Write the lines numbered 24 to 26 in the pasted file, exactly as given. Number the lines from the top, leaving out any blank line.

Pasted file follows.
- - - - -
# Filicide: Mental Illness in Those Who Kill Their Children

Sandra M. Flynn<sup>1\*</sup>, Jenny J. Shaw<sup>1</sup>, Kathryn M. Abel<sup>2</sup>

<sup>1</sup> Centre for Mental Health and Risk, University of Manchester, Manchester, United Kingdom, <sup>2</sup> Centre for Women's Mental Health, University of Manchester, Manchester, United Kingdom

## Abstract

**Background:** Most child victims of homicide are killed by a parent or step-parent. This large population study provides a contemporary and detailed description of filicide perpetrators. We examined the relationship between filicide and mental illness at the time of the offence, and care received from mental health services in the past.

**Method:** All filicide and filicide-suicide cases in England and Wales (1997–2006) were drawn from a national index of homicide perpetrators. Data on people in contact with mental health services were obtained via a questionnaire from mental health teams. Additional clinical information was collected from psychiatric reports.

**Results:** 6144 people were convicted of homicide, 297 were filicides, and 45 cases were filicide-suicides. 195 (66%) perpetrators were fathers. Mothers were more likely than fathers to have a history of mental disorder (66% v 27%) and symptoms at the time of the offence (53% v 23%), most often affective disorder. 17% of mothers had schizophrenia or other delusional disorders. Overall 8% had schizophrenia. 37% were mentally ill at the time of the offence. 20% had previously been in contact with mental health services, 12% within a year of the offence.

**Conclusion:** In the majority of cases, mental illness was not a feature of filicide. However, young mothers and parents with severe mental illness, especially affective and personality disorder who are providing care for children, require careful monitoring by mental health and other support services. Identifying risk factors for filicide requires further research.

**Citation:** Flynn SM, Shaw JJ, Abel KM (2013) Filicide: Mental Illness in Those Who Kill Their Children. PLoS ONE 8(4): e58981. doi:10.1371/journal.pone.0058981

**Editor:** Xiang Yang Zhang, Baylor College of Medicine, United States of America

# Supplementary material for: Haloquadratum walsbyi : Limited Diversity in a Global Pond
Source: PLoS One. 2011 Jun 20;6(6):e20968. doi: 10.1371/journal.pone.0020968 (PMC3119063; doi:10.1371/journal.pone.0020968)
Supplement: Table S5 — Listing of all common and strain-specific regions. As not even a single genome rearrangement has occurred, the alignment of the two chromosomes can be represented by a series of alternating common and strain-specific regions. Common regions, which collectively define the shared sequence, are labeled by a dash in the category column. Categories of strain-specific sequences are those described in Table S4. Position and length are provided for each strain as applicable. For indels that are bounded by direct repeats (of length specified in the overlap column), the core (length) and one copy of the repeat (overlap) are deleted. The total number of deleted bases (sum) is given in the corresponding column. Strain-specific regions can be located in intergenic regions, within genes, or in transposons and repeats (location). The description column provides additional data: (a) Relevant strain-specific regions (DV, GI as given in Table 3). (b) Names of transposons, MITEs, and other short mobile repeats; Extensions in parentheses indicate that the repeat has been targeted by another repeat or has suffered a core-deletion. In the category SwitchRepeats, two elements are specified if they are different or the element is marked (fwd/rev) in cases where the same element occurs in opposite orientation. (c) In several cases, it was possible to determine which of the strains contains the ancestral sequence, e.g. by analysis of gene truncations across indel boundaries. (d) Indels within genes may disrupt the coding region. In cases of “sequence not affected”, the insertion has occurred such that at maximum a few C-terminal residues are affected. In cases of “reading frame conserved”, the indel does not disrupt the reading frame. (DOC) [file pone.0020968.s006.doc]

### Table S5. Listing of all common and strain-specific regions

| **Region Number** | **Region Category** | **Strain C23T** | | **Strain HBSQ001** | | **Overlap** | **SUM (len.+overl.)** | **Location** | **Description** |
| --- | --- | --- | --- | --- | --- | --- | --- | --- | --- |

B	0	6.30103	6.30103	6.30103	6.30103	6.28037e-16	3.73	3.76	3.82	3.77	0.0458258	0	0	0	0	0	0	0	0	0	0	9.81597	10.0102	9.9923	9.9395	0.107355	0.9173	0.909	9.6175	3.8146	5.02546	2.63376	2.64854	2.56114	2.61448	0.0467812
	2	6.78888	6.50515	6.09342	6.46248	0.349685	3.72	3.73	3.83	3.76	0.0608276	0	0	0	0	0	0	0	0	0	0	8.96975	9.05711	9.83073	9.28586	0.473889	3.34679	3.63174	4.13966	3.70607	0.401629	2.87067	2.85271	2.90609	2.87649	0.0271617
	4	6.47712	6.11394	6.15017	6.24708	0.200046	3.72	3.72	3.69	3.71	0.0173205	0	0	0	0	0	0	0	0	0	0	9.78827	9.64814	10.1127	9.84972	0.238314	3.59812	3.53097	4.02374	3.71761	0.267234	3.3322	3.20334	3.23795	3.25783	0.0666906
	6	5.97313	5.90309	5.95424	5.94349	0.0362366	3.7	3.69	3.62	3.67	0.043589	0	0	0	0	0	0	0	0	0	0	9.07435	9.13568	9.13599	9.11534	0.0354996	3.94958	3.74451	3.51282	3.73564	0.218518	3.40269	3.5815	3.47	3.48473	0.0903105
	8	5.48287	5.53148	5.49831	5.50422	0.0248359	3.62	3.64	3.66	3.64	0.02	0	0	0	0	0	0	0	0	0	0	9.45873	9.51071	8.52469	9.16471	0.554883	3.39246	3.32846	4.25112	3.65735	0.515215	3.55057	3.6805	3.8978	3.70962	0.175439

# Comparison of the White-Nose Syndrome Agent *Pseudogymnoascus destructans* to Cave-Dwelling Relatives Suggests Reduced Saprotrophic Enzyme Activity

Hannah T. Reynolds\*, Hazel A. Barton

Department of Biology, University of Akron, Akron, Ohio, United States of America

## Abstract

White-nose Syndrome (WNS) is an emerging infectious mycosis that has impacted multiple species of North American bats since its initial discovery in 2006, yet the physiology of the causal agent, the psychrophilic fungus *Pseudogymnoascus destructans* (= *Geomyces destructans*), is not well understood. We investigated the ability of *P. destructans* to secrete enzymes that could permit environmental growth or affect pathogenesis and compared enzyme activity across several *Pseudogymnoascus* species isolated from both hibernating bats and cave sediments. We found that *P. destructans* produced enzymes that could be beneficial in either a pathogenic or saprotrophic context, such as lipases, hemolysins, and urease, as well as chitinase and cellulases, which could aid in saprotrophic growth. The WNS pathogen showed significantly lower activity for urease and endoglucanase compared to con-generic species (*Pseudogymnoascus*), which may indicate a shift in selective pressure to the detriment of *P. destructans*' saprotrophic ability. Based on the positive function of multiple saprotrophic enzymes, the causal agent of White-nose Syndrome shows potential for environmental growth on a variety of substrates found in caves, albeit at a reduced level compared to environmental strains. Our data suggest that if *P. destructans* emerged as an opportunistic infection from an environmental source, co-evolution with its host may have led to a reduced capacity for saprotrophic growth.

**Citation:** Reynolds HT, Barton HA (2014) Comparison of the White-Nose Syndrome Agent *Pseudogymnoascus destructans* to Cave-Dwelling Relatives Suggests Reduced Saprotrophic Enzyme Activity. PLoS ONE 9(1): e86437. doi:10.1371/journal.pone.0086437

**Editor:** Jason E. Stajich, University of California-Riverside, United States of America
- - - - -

Department of Biology, University of Akron, Akron, Ohio, United States of America

## Abstract

White-nose Syndrome (WNS) is an emerging infectious mycosis that has impacted multiple species of North American bats since its initial discovery in 2006, yet the physiology of the causal agent, the psychrophilic fungus *Pseudogymnoascus destructans* (= *Geomyces destructans*), is not well understood. We investigated the ability of *P. destructans* to secrete enzymes that could permit environmental growth or affect pathogenesis and compared enzyme activity across several *Pseudogymnoascus* species isolated from both hibernating bats and cave sediments. We found that *P. destructans* produced enzymes that could be beneficial in either a pathogenic or saprotrophic context, such as lipases, hemolysins, and urease, as well as chitinase and cellulases, which could aid in saprotrophic growth. The WNS pathogen showed significantly lower activity for urease and endoglucanase compared to con-generic species (*Pseudogymnoascus*), which may indicate a shift in selective pressure to the detriment of *P. destructans*' saprotrophic ability. Based on the positive function of multiple saprotrophic enzymes, the causal agent of White-nose Syndrome shows potential for environmental growth on a variety of substrates found in caves, albeit at a reduced level compared to environmental strains. Our data suggest that if *P. destructans* emerged as an opportunistic infection from an environmental source, co-evolution with its host may have led to a reduced capacity for saprotrophic growth.